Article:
We Were Eight Years In Power
by Ta-Nehisi Coates
Published 2017 by One World
$28.00 hardcover ISBN 978-0525624516
By Noah Sanders
You may feel slightly irked that the newest release from massively popular intellectual and memoirist (and comic book writer) Ta-Nehisi Coates has a collection of his already published essays from The Atlantic. For a variety of reasons, you should not be. Even if We Were Eight Years In Power: An American Tragedy was just a re-purposed cash grab, a bound assemblage of Coates’ greatest hits from the distinguished magazine over the eight years of Barack Obama’s presidency, there would be cause for celebration. Coates is a rare intellectual who can, and will, take weighty issues—reparations, America’s historical dependence on slavery, the lesser aspects of Barack Obama—and translate them into palatable essays without losing the fire at his core. Agree or disagree with the points made within this collection, Coates is a writer, and thinker, of immense skill and intelligence. Following his train of thought as he reports, and opines, on the treatment of blacks in America since the time of Roanoke runs the gamut between utter disgust with the country we live in and slack-jawed marvel at Coates ability to make it, strange as it sounds, a pleasure to read.
What pushes We Were Eight Years In Power beyond a dry collection of essays though, is Coates himself. To commemorate the re-release of these pieces of writing, Coates has penned eight original pieces (one for each year) that chart the author’s growth as both a writer and human during the Obama presidency. The new pieces read like commentaries on not only the essay that follows, but Coates himself, his thoughts on writing, his expansion as a thinker, his grappling with newfound fame. They read like DVD commentaries if composed by a MacArthur Grant winning author. Coates, as is his way, doesn’t spare himself or his writing in any way. He tears himself asunder time and time again, exploring what went wrong in his essays, what he wished he’d hit upon, with the travails of youth prevented him from getting on the page.
In “Notes on Year One,” the thought piece before “This Is How We Lost The White Man” (Coates’ essay on Bill Cosby and Black Conservatism), he writes, “In every piece in this book there is a story I told and many more I left untold, for better or worse. In the case of Bill Cosby, especially, it was for worse. That was my shame. That was my failure.” In doing so, Coates places himself as an engaged participant and recorder of American history in the making. The reader watches America grow and contract as we watch Coates do just the same. The essays, impressive as they are, become almost sidebars for the journey of Coates himself, as both human and writer. The memoir pieces create a sinew previously unexplored, a second layer of personal connection to the author, that allows us to see the through-line of Coates’ thinking. It doesn’t seem that revolutionary—commenting on the pieces you’ve previously written in hindsight—but We Were Eight Years In Power speaks volumes for the inclusion of an author’s reflection on his work in collections such as these. As the reader ingests Coates’ critiques and contextual placements of his own work, the pieces seem to pull apart and reform, perceived entirely different in their new context.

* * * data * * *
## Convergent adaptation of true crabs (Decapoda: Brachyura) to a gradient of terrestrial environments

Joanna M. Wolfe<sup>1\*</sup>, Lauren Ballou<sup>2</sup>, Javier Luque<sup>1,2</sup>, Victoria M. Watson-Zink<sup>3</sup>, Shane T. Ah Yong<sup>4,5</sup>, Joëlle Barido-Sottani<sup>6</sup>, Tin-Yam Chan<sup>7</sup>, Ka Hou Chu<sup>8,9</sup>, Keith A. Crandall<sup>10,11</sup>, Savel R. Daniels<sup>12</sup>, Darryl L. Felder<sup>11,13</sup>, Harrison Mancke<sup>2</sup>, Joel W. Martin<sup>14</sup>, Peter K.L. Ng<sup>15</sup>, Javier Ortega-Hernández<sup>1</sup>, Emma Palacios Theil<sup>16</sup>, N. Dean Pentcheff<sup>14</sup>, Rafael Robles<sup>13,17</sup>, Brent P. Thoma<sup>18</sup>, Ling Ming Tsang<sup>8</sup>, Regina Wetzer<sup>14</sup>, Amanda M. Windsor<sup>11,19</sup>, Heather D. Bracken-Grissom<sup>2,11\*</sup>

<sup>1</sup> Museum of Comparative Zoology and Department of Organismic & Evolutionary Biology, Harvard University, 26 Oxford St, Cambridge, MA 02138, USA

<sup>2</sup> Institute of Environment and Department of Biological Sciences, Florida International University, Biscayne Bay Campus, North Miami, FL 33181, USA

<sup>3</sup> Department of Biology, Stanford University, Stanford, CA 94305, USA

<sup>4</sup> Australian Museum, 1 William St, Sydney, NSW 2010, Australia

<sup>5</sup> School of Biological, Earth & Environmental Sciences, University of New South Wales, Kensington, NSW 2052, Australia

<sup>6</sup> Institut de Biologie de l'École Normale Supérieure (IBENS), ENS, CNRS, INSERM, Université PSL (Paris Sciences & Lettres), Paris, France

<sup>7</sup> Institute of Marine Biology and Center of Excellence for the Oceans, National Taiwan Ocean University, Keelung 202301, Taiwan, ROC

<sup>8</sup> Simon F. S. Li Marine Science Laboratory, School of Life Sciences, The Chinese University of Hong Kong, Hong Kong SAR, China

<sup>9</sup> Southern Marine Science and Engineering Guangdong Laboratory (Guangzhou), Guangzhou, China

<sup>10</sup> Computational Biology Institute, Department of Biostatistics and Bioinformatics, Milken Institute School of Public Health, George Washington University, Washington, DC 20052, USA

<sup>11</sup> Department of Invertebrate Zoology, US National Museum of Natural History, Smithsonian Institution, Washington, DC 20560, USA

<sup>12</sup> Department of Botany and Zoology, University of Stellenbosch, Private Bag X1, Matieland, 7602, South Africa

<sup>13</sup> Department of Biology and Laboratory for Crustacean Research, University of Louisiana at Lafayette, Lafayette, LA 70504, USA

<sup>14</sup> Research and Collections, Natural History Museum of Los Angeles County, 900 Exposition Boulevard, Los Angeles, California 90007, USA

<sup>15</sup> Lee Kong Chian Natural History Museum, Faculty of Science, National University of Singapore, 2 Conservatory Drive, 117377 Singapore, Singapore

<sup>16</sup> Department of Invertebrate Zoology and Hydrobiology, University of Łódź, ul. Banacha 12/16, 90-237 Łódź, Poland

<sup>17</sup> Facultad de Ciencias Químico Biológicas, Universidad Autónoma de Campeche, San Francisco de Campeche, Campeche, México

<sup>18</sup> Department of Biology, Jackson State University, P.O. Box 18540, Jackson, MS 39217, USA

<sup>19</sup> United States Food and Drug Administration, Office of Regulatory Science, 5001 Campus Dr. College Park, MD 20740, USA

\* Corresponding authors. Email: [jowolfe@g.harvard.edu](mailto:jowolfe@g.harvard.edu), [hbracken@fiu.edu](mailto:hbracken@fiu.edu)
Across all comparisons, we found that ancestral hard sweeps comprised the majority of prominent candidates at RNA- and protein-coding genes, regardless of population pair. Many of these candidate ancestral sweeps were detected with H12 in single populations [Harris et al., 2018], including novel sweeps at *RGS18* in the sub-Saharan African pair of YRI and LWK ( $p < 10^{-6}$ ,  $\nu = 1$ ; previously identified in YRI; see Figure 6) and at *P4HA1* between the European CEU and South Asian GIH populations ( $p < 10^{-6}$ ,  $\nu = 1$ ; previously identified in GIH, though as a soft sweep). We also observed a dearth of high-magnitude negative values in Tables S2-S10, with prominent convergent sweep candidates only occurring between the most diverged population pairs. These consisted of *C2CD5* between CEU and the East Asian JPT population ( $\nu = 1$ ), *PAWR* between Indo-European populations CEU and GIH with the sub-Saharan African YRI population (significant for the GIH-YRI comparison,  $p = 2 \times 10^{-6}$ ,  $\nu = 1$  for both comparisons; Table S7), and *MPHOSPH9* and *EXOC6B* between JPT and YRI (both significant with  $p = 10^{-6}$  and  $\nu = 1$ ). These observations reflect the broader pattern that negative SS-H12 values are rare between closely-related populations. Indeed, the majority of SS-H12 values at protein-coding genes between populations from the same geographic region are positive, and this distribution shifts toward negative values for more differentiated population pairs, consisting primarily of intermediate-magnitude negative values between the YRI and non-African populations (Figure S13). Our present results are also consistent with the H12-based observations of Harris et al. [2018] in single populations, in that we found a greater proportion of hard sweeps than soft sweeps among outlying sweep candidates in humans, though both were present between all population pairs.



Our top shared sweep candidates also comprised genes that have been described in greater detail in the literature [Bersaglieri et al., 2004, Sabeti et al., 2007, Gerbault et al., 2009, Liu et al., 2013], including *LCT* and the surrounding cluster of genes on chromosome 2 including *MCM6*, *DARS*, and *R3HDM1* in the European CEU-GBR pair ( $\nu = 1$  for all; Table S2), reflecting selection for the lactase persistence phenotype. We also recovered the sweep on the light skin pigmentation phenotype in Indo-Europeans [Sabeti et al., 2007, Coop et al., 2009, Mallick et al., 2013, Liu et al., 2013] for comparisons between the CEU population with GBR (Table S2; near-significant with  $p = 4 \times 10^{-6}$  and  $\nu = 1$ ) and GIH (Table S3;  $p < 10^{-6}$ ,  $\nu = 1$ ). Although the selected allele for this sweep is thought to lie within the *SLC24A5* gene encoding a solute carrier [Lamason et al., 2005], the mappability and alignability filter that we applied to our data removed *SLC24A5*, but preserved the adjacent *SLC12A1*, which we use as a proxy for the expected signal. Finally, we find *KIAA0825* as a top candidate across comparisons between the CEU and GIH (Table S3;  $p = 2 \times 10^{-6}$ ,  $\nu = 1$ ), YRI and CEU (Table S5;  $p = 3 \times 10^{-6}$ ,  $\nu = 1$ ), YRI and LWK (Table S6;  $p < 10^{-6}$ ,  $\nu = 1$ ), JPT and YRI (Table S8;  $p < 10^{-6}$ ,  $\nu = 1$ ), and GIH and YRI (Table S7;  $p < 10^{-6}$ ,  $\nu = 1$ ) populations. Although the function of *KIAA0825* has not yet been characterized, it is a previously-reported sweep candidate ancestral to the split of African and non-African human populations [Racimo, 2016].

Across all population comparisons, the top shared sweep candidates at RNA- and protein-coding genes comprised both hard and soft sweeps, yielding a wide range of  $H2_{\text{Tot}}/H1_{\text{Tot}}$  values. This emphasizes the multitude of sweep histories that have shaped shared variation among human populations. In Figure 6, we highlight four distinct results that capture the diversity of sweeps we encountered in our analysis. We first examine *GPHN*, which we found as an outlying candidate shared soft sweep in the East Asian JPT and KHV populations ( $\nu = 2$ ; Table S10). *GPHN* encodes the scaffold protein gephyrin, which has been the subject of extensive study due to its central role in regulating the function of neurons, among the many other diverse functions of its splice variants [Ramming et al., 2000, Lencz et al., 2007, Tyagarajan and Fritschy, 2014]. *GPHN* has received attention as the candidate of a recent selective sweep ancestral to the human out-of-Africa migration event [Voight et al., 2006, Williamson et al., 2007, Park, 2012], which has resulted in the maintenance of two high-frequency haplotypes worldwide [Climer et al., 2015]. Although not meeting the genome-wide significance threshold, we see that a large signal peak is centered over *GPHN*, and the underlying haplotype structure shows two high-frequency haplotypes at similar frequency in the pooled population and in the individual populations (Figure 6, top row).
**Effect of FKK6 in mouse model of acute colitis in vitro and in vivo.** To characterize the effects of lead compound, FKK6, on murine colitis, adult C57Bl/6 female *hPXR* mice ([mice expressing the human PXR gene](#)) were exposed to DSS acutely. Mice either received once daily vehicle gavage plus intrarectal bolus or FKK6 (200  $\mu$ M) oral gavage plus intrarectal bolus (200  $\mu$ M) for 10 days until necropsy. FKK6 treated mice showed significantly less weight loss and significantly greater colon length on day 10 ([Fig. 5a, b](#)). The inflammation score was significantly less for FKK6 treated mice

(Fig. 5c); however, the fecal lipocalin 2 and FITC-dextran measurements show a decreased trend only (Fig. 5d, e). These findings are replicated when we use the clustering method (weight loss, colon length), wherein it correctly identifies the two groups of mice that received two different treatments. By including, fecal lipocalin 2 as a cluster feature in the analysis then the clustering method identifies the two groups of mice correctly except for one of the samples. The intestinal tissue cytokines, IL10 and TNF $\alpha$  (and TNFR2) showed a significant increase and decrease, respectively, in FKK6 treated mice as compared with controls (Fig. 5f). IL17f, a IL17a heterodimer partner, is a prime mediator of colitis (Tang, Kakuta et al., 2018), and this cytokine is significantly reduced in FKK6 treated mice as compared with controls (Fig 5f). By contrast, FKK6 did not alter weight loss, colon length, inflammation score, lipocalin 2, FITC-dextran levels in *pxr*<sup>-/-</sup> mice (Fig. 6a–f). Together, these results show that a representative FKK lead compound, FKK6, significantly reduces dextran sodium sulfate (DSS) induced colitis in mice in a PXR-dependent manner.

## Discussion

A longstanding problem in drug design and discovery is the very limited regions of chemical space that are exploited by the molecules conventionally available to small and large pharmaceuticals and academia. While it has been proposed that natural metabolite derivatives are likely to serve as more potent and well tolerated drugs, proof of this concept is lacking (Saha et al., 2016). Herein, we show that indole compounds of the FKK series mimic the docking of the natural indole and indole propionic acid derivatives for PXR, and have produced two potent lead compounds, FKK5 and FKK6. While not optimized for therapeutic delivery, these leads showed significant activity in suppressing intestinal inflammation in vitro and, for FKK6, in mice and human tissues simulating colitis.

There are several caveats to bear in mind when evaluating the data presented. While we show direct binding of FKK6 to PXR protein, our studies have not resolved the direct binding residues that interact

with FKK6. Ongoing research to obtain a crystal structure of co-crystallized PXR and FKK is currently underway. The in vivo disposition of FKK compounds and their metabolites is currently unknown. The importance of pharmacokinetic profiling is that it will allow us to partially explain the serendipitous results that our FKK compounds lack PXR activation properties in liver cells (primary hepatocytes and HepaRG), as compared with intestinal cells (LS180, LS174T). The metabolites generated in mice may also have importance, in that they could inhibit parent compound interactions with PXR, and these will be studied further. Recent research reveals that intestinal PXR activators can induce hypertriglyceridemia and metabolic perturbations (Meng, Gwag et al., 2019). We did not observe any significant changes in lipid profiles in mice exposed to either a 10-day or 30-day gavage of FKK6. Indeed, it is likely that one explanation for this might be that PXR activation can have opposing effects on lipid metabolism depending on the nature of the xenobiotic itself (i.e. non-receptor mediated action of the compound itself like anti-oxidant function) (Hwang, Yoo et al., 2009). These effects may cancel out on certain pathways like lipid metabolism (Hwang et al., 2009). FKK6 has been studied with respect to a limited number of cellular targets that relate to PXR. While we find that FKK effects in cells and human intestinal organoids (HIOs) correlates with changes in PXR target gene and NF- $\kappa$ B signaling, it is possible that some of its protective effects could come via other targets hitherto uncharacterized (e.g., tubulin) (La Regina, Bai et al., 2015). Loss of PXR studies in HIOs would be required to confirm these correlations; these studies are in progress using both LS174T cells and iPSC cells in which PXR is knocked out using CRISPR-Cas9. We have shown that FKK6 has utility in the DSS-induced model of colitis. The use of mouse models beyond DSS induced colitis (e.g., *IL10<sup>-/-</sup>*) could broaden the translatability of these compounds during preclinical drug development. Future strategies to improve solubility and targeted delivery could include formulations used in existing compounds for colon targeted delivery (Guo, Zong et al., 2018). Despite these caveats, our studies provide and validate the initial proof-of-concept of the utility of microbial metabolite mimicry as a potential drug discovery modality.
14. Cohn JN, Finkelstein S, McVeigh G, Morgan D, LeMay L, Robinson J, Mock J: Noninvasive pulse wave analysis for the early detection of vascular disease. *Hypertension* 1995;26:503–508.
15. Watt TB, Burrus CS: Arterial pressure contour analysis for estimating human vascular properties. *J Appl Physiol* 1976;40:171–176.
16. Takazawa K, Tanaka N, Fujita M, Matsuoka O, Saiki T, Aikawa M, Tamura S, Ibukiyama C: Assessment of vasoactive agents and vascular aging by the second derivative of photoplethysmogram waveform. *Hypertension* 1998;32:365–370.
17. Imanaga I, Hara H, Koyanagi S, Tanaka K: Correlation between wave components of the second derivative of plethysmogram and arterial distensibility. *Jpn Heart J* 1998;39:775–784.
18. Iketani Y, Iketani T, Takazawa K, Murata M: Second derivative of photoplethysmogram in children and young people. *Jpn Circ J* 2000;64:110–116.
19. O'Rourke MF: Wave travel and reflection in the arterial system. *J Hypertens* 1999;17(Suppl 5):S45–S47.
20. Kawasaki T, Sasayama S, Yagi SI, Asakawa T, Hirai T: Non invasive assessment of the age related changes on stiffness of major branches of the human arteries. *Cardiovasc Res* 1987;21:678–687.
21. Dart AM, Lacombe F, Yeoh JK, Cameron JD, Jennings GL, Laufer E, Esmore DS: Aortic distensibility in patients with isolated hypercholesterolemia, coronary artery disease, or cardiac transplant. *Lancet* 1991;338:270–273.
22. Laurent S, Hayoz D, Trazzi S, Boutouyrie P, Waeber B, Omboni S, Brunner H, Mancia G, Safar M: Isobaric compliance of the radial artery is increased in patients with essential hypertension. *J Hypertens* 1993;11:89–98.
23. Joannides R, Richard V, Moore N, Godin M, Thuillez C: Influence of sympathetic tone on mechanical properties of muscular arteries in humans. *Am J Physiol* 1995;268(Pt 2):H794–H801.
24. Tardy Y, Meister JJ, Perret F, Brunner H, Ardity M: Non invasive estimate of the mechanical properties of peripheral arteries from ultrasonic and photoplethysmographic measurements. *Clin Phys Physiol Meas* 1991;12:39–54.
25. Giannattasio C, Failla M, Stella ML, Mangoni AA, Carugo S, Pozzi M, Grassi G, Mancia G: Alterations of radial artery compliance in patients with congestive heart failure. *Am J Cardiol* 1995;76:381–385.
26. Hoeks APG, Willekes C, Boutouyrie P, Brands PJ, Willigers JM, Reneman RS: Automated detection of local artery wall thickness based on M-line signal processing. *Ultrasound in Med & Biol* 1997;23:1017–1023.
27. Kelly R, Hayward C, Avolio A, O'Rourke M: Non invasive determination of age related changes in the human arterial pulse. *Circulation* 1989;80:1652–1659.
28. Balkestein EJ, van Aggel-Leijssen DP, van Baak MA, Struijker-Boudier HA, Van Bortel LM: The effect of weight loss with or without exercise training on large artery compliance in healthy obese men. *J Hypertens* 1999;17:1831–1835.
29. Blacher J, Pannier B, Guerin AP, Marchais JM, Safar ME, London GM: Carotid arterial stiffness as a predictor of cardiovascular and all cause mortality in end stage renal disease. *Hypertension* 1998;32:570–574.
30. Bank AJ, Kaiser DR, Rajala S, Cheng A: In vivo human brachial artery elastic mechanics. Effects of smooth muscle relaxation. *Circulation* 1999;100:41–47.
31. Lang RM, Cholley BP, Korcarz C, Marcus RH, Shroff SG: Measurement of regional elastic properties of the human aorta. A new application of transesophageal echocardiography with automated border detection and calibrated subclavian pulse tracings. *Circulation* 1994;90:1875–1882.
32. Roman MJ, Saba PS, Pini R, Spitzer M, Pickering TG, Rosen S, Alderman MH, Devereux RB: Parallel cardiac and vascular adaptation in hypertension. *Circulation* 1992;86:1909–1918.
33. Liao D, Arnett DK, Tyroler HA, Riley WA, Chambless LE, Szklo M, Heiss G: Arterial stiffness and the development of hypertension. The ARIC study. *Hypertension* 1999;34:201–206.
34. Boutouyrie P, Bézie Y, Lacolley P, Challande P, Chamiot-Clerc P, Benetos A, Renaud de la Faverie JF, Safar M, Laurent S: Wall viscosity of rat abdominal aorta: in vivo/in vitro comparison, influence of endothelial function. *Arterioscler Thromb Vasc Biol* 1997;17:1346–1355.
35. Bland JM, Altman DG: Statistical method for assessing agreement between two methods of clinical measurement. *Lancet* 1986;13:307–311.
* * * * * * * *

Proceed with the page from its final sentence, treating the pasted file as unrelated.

There are two main sides of Coates as a writer—the memoirist and the intellectual. Where his essays can tend towards statistical interpretation and flat-out reportage, in his books—The Beautiful Struggle and Between The World and Me—Coates chooses emotion over cold, hard fact, leaving the statistics and statistical interpretations of his essay work on the shelf in favor of wrenching, poetic, emotional release. It’s clear that Coates’ longer pieces stem from the same throbbing intellect that his essays do, but in them, Coates isn’t held back by the restraints of reportage and the wider palette allows him to show how the world his essays paint was one he lived in, was one which personally affected him and his loved one. We Were Eight Years In Power allows the reader to digest the complex ideas of his more academic pursuits, but with Coates as a personal guide. If his books lead us through his life in the face of rampant racism, and if his essays lead us deep into the crevices of his enormous intellect, this book gives readers the best of both worlds.